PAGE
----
My name is Jessica Arzate, and I proudly support the work of the Women’s Foundation of Oregon as the Board’s Vice President and Grants Committee Chair.
Over the past few months, the Foundation has been working with rabia (ruby) shirazi and the team at (re)solution lab to examine, challenge, and transform our own equity analysis at an organizational level. We are not the first foundation, nor will we be the last, to begin to make deep and meaningful shifts to our work in our ongoing pursuit of intersectional gender equity.
One of our most significant areas of reflection has been the examination of the voting system we've used for grantmaking over the past three years. Collective investment and shared decision-making are laudable goals that we will continue to incorporate into our work. However, we also know that many of our practices have unintentionally created barriers to membership for lots of folks, resulting in too many voices being left out of our voting system and, therefore, our grantmaking efforts.
The voting system will continue to be in place for this year’s grant cycle, however it may look very different next year. Our commitment is to developing a model that is driven and informed by equity because that is what it truly will take to create an Oregon where every woman, girl, and femme can thrive.
Equity in action takes more than just time. It takes leadership and a collective of individuals who are committed to challenge their assumptions, recognize the ways in which the privilege and power of white feminism and philanthropy have been paramount. I feel deep gratitude and appreciation for the thoughtful approach of the Women’s Foundation and know that we are ready to adapt and transform.
We're committed to keeping all of our members and stakeholders informed as we keep moving forward in our journey.
Stat of the Month
Perpetrators have sexually or domestically assaulted more than 1 million Oregon women and girls. That’s more than half the female population of the state.
Join us for our 4th Annual Reception on May 16, 2018 from 5:30-7:30 at Elysian Ballroom in downtown Portland. Learn about the impactful work of this year's amazing grantees and connect with other individuals deeply committed to an Oregon where every woman and girl can thrive. We'll collectively award $100,000 in member-supported, intersectional gender equity grants and share highlights about the Foundation. Child care is available on-site, but please register and include name(s) & age(s) in the RSVP.
May 13, 2018 is the deadline for members and guests to RSVP for the Annual Reception.This event is free of charge.
This year's participatory grants voting cycle will be open from April 30 - May 13, so make sure to update your membership now! Be on the lookout for electronic ballots delivered to your inboxes next week.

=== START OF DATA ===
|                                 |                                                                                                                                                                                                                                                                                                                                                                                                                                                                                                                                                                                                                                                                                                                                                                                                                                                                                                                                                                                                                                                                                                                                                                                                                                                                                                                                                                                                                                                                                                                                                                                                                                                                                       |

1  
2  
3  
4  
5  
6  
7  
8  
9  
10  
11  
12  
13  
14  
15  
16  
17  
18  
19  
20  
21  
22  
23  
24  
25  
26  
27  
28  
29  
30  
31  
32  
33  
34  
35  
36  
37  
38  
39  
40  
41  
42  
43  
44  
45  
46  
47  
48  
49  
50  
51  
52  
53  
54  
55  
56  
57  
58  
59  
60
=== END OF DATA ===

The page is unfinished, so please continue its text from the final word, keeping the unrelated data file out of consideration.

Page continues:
Name: Brie Richards Age: 27 Occupation: Database & Office Administrator at Women’s Foundation of Oregon Member since: June 2017 Gender pronouns: She/Hers
Why are you a member of the Women’s Foundation? Because I am deeply passionate about the mission, the work, and intersectional equity for all women and girls! And because I work here. :)
What quality do you most admire in others? Compassion and conviction.
What was your first volunteer experience? I was a Girl Scout for a very long time, and one of the tenants of being a Girl Scout is service to the community. I remember volunteering at the McCall Senior Center to play Go-Fish with the folks gathered there for community - it was great!
What do you consider your greatest achievement? Growing a human and becoming a mother - just 6 more weeks to go!
Why is gender equity important to you? Intersectional gender equity is deeply important to me because women and girls and people who identify as women and girls have faced oppression and voicelessness for too long. It is important to me that all women and girls are given opportunities to grow, lead, and create a society that will continue to empower every part of who they are. I am proud of the Women’s Foundation of Oregon for creating a space and a pathway through which this work is possible!
What’s your idea of perfect happiness? Kayaking on a quiet, lazy river surrounded by nature, taking plenty of pit stops on the shore to enjoy food, beer, and sunshine.
What makes you laugh uncontrollably? My partner - especially when he impersonates me!
Thanks so much, Brie!
Make a Difference - Vote!
The Foundation's grantmaking cycle this year coincides with Oregon's May 15th Primary Election. In addition to casting your ballot to invest in organizations transforming their communities on behalf of women and girls, make sure you also remember to vote for statewide and local candidates whose leadership and decision-making reflects a gender lens. Mail in or drop off your ballot before 8pm on Election Day to ensure your vote gets counted.
April 27 (4-8pm): Take Back The Day And Night for Sexual Assault Awareness Month, Southern Oregon University, Ashland Survivor Circle at 4pm in the Rogue River Room; Pizza with the W at the Women’s Resource Center at 5pm; Yoga at Shasta and McLoughlin Residence Hall Courtyard at 6:30pm; and Keynote Speaker and Take Back the Night Rally at 7pm.
May 4:Reducing STIs: What’s Going On?, online Join Oregon Health Authority for a series of webinars: Oregon’s Approach to Youth Sexual Health. While rates of teen pregnancy have decreased, the same cannot be said for sexually transmitted infections (STIs). What’s the story? Learn about current rates, efforts to decrease stigma and prevent STIs, and discuss some systemic obstacles related to STI prevention that are making this particular goal of the Youth Sexual Health Plan our most perplexing.